If you want a sense of how hazardous life is, don't go to a disaster movie. Just read a report from the federal government's health-statistics apparatus. A new one from the National Center for Health Statistics, analyzing household-interview data collected in 2005, finds Americans enduring one mishap after another—but feeling fine anyhow.
One part of the report tabulated "medically consulted injury and poisoning episodes"—those for which people contacted a health professional to get treatment or advice. ("Poisoning" could include bad sushi as well as strychnine.) There were 114 such episodes per 1,000 population in 2005. Falls were the most common "external cause" of such incidents, at 40.6 per 1,000 people. Overexertion was the runner-up (15.2), followed by incidents in which someone was "struck by a person or an object" (14.5). The catchall "transportation" category accounted for 13.2 injuries per 1,000 population. Men were more likely than women to be the victims of each major variety of accident except those due to falls. Another part of the report looked at the "activity engaged in at the time of the episode." "Working around house or yard" sent people limping for medical help more often than "working at paid job" (17 per 1,000 population vs. 13.8). Many were injured by sports (18.6), but even more were felled by leisure activities other than sports (29.1). Women were more likely than men to be hurt while working around the house or yard (17.5 vs. 16.4), but men were more likely than women to be hurt at work (19.9 vs. 8) or while driving (10.9 vs. 8).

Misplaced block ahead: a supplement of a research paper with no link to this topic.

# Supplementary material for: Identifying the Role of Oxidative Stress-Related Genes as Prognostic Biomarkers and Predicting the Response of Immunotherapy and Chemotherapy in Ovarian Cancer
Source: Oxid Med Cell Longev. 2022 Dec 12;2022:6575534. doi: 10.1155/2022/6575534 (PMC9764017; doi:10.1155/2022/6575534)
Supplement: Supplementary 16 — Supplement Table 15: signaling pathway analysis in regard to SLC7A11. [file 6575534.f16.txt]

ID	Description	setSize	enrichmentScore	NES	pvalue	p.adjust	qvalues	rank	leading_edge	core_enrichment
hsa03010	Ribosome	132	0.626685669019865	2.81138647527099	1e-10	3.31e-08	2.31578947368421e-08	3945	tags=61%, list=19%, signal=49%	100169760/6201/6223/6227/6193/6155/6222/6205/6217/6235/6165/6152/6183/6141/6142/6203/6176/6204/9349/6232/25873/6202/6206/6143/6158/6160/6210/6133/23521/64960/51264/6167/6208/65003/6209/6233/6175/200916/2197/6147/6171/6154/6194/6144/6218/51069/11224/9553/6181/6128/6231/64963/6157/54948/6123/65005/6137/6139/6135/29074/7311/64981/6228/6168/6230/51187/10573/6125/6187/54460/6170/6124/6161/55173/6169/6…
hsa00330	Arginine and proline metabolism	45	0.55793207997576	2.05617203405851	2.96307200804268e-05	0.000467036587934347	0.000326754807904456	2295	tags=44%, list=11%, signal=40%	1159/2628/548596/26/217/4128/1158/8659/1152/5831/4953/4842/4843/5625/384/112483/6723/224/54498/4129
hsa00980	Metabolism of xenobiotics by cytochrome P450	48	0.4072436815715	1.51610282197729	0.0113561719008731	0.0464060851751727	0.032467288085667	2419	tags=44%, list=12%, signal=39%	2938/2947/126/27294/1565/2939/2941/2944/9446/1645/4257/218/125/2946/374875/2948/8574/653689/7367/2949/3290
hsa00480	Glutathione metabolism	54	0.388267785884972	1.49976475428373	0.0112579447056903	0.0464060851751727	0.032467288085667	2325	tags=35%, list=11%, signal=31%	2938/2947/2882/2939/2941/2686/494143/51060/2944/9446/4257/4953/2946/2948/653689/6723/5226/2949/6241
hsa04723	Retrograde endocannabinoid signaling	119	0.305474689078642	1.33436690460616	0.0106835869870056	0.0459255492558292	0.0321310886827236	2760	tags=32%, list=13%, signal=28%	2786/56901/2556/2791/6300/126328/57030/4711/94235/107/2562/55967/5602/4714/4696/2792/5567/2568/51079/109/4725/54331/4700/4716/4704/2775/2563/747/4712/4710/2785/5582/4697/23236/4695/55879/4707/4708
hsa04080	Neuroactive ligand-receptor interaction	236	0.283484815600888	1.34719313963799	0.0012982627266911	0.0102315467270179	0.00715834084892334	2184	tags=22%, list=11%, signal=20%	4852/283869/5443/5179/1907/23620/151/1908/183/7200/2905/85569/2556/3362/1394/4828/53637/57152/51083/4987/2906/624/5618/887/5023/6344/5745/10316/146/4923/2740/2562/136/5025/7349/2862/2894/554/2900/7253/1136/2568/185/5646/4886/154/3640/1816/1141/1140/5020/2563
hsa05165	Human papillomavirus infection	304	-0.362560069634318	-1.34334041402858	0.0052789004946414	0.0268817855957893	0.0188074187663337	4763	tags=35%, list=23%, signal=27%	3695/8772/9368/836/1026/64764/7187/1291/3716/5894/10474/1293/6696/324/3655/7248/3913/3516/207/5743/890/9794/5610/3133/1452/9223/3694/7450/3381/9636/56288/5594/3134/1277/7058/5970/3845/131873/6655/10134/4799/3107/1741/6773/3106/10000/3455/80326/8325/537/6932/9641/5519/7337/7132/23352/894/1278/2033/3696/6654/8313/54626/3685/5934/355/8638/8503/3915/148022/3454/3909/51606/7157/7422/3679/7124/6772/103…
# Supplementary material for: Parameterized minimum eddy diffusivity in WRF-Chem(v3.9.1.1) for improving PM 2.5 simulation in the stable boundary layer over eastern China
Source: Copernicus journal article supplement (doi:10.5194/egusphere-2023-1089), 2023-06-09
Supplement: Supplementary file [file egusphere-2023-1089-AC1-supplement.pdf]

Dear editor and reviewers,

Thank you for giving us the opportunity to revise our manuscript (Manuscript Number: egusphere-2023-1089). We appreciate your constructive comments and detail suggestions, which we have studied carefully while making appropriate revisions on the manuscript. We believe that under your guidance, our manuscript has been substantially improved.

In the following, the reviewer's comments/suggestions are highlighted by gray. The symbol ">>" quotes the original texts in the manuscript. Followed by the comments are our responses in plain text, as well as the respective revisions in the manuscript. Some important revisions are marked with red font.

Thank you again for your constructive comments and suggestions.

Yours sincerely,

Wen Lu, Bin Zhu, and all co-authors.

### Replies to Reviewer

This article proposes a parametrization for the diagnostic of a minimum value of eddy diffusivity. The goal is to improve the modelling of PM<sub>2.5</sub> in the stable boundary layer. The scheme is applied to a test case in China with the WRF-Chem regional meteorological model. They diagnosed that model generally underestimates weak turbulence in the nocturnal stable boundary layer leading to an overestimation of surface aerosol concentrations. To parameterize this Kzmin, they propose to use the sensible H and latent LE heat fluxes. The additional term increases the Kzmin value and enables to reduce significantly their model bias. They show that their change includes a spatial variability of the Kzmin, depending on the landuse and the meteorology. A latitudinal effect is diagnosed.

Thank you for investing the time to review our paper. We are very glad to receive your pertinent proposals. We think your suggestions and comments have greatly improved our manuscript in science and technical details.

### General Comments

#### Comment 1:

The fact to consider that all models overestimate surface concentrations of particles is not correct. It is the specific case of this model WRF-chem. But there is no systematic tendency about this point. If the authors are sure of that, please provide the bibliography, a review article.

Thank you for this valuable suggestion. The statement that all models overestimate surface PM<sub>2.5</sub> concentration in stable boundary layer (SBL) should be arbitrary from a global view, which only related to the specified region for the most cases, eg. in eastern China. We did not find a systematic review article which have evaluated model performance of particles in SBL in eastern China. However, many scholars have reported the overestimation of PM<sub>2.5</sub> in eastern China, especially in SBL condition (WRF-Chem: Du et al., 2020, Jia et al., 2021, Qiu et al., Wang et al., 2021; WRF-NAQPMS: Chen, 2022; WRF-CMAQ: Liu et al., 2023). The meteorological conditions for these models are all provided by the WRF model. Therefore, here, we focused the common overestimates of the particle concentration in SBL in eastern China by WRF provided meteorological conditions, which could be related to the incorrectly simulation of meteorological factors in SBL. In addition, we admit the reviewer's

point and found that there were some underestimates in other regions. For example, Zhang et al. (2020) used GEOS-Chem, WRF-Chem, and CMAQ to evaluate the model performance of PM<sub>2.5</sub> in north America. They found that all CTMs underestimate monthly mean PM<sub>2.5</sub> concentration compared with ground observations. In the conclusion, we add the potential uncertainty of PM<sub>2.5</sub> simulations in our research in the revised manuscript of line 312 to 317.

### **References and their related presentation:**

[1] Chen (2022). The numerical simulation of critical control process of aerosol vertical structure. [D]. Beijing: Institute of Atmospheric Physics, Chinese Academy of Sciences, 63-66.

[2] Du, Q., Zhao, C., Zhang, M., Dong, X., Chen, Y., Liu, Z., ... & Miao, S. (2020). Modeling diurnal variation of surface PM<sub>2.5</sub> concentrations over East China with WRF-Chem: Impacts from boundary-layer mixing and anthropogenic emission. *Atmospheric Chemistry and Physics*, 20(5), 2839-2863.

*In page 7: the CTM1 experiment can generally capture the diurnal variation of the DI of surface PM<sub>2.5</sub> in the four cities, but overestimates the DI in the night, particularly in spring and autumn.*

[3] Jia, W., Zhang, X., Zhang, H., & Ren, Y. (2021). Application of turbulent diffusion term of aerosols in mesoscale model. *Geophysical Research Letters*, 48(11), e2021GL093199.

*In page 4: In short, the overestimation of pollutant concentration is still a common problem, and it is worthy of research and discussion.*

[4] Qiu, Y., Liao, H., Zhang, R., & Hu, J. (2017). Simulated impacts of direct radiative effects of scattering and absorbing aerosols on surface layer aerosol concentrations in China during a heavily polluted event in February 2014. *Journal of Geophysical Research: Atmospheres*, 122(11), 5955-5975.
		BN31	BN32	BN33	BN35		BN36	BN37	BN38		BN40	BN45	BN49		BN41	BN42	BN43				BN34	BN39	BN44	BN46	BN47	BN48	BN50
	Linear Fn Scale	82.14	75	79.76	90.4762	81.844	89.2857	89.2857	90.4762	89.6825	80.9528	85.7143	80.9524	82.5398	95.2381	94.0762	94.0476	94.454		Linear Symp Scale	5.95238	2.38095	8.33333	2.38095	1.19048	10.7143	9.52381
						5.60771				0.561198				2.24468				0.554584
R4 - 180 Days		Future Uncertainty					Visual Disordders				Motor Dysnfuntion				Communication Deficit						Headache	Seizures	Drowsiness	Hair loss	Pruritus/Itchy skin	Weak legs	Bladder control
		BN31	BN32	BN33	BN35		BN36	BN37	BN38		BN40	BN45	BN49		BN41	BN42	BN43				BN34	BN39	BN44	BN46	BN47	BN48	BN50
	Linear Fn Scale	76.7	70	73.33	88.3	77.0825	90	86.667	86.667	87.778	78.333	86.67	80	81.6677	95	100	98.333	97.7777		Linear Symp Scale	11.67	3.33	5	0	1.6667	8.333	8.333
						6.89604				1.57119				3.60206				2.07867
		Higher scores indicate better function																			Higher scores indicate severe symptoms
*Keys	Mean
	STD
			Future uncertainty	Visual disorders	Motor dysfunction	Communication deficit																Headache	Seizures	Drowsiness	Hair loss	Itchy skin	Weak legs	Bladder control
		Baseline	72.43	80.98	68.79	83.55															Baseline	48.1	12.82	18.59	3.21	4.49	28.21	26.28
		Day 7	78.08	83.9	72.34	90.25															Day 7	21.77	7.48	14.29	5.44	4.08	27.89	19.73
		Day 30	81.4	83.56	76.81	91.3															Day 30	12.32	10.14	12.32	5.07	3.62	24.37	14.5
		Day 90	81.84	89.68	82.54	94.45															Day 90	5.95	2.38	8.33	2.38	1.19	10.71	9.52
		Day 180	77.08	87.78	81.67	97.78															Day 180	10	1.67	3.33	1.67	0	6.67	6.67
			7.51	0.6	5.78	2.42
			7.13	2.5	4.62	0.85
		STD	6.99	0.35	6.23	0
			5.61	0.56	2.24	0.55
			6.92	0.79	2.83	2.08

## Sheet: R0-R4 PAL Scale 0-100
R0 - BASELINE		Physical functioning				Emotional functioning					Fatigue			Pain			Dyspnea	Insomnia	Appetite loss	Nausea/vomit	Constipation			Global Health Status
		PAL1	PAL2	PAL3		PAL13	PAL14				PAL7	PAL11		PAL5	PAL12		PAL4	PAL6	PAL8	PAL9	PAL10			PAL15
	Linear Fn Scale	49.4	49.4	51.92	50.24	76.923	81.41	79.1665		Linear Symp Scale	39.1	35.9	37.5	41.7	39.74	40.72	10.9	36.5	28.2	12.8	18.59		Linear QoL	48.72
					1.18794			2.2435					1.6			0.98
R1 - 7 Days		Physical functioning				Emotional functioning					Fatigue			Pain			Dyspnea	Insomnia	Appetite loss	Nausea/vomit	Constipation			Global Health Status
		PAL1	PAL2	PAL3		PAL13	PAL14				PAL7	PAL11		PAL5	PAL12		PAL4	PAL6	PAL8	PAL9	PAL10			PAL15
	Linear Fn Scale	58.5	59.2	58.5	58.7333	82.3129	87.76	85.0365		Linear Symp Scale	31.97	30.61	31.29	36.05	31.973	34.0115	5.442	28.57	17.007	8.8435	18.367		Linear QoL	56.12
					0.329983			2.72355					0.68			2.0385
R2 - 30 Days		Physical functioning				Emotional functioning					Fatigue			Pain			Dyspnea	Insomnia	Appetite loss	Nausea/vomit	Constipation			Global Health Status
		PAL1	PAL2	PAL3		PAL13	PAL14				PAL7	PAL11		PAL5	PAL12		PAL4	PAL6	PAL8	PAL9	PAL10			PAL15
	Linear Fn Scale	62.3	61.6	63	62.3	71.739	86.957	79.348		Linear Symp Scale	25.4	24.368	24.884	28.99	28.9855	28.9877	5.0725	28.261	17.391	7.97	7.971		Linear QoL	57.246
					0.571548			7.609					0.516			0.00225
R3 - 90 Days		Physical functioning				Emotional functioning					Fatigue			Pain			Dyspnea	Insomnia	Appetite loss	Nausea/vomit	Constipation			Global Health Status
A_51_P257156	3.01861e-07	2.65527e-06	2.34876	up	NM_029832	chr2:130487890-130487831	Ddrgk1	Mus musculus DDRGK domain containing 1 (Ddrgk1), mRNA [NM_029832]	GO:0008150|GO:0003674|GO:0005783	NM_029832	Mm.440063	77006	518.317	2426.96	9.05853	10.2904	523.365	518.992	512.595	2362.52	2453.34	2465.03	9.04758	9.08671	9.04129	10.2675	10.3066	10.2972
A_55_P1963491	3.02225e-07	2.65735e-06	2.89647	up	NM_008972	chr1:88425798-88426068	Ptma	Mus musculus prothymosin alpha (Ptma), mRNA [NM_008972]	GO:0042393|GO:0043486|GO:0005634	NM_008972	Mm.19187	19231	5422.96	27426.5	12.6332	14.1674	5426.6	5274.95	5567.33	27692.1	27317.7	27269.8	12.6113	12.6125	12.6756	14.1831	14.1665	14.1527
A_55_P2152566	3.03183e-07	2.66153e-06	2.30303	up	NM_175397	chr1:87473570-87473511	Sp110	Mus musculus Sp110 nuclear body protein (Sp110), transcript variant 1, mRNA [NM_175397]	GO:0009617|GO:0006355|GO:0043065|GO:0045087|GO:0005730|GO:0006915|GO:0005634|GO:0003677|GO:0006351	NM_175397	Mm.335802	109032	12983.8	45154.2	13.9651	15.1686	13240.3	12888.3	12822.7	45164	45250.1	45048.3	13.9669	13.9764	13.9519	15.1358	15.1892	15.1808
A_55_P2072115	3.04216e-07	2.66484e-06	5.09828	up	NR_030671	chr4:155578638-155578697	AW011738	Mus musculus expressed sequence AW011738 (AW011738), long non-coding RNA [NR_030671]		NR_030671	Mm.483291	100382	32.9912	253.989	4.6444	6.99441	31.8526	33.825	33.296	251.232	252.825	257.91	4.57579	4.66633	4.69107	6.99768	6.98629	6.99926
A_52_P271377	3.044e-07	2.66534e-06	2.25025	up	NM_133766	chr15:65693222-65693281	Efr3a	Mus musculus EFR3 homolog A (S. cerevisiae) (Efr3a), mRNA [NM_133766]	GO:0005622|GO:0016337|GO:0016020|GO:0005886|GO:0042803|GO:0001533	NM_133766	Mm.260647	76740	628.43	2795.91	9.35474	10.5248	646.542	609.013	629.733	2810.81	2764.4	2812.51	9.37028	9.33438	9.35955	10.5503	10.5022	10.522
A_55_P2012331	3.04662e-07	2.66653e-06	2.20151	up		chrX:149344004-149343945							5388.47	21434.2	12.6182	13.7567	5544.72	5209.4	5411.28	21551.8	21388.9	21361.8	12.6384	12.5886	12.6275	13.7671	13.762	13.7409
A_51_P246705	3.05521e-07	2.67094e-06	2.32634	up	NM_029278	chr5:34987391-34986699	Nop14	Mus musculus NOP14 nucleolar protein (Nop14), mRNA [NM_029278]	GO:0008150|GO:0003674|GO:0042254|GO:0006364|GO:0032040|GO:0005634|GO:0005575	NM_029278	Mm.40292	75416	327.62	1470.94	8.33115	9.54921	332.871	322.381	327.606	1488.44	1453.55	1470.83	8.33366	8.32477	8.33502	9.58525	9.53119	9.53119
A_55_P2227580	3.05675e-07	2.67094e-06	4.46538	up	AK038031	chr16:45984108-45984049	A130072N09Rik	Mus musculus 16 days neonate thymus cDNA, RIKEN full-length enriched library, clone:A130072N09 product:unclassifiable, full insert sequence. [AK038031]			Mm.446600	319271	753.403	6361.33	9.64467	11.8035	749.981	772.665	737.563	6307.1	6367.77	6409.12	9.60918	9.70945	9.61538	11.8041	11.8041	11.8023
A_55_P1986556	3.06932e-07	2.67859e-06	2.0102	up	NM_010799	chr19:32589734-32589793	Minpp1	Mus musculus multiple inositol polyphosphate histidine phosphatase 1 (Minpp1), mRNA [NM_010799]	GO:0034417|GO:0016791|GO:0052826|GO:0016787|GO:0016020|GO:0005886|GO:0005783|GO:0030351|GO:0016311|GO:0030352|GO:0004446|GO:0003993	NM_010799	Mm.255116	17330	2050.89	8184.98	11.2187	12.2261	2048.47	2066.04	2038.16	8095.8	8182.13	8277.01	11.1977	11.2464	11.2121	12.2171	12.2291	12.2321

Given all these accidents, we needn't be surprised that a significant minority of Americans ended up in a hospital. Among men, 5.1 percent had one hospital stay during the year under study, while 1.8 percent had two or more. Among women, 7.5 percent had one hospitalization and 1.8 percent had more than one. As you'd guess, the rate was especially high for old folks, with 17.6 percent of those 65-plus having at least one hospital stay during the year. Poor people were more likely to have been hospitalized during the year than were the non-poor (12 percent vs. 7.6 percent). A hospital stay is often for a transient condition (including childbirth as well as illness or injury), but the report also notes that 12 percent of men and women alike suffered from at least one chronic condition that caused a limitation in their "usual activities."
All of the above notwithstanding, the vast majority of Americans managed to feel healthy: 35.8 percent rated their health "excellent," 31 percent "very good," 24 percent "good," 7 percent "fair" and just 2.2 percent "poor." Go figure.